Author: Douglas Preston
Source: from publisher for review
Links: Amazon|Indiebound |Goodreads
Summary: This was a fun adventure story, but a little light on the science and archeology.
A mysterious civilization as wealthy as the Maya has long been rumored to be hidden in the mountainous Mosquitia region of Honduras. However, it was only with the advent of LIDAR, a sonar-like technology for mapping the jungle floor, that any progress was made in the search. The two sprawling cities revealed by this mapping were incredible discoveries that the author was able to explore on foot, enduring encounters with “torrential rains, quickmud, disease-carrying insects, jaguars, and deadly snakes” (source). This is the story of that expedition.
The author of this book, Douglas Preston, is also the author of a best-selling series of thrillers and it shows! This was a fast-paced, engaging read. Preston did a masterful job foreshadowing dangers to come and leaving the reader at cliffhanger pauses. He also keep me reading quickly with short chapters and snappy writing. I enjoyed the arc of the story as well. The context provided by previous searches for the city made the modern expedition even more fascinating. The interpretation of the finding afterwards was equally enjoyable to read.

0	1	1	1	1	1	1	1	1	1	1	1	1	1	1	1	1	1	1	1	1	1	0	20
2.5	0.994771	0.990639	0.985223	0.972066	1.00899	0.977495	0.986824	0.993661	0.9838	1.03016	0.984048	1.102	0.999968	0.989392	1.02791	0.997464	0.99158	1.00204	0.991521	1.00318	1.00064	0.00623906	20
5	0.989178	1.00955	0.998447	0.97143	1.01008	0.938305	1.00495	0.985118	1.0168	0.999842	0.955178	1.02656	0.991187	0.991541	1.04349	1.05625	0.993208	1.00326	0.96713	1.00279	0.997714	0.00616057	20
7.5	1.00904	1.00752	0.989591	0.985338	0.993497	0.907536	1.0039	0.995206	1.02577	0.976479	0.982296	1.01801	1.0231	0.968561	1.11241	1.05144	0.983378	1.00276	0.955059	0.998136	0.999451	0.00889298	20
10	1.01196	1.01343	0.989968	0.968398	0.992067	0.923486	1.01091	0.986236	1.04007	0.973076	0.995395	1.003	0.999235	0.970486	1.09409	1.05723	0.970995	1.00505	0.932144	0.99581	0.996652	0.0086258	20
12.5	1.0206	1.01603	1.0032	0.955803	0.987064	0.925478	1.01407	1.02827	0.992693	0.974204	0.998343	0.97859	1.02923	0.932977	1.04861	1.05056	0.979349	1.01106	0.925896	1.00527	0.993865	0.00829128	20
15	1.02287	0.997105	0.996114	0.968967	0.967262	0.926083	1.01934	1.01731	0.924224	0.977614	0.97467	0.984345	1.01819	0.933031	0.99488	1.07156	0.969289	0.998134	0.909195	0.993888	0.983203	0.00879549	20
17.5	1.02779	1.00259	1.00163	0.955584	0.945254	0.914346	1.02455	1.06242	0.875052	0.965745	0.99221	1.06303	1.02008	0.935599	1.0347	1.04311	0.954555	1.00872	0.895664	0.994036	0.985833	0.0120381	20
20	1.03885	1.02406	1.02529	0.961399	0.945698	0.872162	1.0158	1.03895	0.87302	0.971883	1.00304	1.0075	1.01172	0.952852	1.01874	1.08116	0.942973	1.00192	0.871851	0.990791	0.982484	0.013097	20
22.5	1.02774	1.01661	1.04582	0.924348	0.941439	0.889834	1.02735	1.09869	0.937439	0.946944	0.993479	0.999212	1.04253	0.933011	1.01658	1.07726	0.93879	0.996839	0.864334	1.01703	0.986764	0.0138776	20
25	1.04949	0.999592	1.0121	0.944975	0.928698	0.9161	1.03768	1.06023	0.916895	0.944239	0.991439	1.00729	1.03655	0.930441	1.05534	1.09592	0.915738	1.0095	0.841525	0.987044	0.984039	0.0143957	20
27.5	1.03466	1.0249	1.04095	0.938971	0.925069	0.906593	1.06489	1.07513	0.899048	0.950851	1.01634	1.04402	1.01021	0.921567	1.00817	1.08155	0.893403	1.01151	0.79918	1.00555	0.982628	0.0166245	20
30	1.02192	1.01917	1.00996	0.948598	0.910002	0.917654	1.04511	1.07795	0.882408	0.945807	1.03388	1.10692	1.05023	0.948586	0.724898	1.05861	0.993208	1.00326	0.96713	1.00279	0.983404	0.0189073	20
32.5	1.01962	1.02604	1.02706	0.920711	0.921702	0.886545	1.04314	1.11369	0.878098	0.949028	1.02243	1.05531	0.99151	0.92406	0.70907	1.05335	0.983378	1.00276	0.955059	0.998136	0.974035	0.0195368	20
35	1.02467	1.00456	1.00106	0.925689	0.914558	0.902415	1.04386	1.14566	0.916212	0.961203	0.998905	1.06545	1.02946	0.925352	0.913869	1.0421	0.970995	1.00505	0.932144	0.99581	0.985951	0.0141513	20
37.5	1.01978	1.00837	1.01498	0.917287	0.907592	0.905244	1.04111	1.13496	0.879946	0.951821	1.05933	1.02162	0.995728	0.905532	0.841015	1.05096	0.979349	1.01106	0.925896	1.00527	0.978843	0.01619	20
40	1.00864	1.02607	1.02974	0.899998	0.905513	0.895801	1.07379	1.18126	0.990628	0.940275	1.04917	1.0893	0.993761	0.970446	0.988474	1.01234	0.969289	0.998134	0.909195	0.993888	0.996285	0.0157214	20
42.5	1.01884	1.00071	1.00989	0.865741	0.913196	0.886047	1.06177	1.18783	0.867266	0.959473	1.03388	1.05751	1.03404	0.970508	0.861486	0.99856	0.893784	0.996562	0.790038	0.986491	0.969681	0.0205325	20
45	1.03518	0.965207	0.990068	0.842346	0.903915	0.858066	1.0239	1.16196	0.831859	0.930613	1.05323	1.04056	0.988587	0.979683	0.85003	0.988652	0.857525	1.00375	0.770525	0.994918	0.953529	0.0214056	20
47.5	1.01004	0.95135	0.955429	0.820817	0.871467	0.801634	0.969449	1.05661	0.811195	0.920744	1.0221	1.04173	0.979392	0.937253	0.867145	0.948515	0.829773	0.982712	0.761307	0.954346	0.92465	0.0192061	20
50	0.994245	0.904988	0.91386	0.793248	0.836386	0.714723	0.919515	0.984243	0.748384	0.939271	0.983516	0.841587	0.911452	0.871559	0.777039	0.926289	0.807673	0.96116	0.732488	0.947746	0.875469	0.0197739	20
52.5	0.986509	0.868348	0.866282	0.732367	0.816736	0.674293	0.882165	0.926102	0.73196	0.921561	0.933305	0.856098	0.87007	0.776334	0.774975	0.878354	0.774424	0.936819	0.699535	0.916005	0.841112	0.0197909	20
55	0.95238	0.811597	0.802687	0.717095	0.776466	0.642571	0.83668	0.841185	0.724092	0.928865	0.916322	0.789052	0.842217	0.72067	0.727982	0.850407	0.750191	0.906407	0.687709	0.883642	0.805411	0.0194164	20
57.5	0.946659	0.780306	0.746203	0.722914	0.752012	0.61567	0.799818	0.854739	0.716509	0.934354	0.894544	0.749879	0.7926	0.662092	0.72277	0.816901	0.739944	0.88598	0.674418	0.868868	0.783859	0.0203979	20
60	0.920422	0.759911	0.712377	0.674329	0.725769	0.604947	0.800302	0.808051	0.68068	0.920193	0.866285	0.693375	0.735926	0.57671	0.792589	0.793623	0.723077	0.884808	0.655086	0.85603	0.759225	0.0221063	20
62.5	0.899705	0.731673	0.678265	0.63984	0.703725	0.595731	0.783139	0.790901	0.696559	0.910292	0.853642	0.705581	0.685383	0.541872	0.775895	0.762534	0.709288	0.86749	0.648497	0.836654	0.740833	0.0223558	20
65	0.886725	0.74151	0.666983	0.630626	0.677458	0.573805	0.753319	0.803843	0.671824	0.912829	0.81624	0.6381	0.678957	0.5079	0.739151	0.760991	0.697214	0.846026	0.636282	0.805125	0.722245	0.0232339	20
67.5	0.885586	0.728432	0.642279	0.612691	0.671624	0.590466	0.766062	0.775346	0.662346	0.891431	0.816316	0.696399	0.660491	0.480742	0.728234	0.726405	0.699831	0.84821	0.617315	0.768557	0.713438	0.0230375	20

My one complaint about this book is that the science and archeology that were included were not explained in any depth. The author did share the interpretation of the artifacts that were found and I think he did so in an impressively nuanced way. Unfortunately, he never explained how the archeologists reached any of their conclusion or gave any of the evidence on either side when different researchers disagreed. Likewise, the biology presented was dumbed down to the point where it drove me a little crazy as someone who works in biology. I think how much you’re likely to enjoy this book largely depends on what you’re expecting. If you just want an awesome, real-life adventure, I think this would be the perfect read. If you’re looking to learn about archeology, I’d probably look elsewhere.